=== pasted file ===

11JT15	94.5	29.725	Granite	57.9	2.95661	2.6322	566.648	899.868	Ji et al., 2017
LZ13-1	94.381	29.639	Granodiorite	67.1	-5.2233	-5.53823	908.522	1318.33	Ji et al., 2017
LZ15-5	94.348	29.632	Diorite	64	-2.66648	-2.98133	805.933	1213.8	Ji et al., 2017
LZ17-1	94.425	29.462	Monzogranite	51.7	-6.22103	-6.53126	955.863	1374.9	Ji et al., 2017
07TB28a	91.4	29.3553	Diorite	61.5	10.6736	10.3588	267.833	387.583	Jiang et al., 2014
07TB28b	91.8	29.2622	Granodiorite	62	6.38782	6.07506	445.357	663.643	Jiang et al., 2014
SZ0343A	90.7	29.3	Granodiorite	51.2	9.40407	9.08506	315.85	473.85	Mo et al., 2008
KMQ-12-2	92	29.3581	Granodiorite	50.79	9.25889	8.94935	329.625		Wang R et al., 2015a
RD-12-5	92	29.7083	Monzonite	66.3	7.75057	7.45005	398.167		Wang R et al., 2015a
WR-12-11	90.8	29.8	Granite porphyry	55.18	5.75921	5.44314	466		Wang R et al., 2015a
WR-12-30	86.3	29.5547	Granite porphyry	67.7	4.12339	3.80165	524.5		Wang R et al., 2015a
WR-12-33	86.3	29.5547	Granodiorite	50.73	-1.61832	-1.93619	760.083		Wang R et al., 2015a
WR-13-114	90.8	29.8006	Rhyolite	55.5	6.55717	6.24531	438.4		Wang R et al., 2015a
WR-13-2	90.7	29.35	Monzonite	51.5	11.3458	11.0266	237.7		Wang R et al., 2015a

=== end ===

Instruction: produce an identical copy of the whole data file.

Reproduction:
11JT15	94.5	29.725	Granite	57.9	2.95661	2.6322	566.648	899.868	Ji et al., 2017
LZ13-1	94.381	29.639	Granodiorite	67.1	-5.2233	-5.53823	908.522	1318.33	Ji et al., 2017
LZ15-5	94.348	29.632	Diorite	64	-2.66648	-2.98133	805.933	1213.8	Ji et al., 2017
LZ17-1	94.425	29.462	Monzogranite	51.7	-6.22103	-6.53126	955.863	1374.9	Ji et al., 2017
07TB28a	91.4	29.3553	Diorite	61.5	10.6736	10.3588	267.833	387.583	Jiang et al., 2014
07TB28b	91.8	29.2622	Granodiorite	62	6.38782	6.07506	445.357	663.643	Jiang et al., 2014
SZ0343A	90.7	29.3	Granodiorite	51.2	9.40407	9.08506	315.85	473.85	Mo et al., 2008
KMQ-12-2	92	29.3581	Granodiorite	50.79	9.25889	8.94935	329.625		Wang R et al., 2015a
RD-12-5	92	29.7083	Monzonite	66.3	7.75057	7.45005	398.167		Wang R et al., 2015a
WR-12-11	90.8	29.8	Granite porphyry	55.18	5.75921	5.44314	466		Wang R et al., 2015a
WR-12-30	86.3	29.5547	Granite porphyry	67.7	4.12339	3.80165	524.5		Wang R et al., 2015a
WR-12-33	86.3	29.5547	Granodiorite	50.73	-1.61832	-1.93619	760.083		Wang R et al., 2015a
WR-13-114	90.8	29.8006	Rhyolite	55.5	6.55717	6.24531	438.4		Wang R et al., 2015a
WR-13-2	90.7	29.35	Monzonite	51.5	11.3458	11.0266	237.7		Wang R et al., 2015a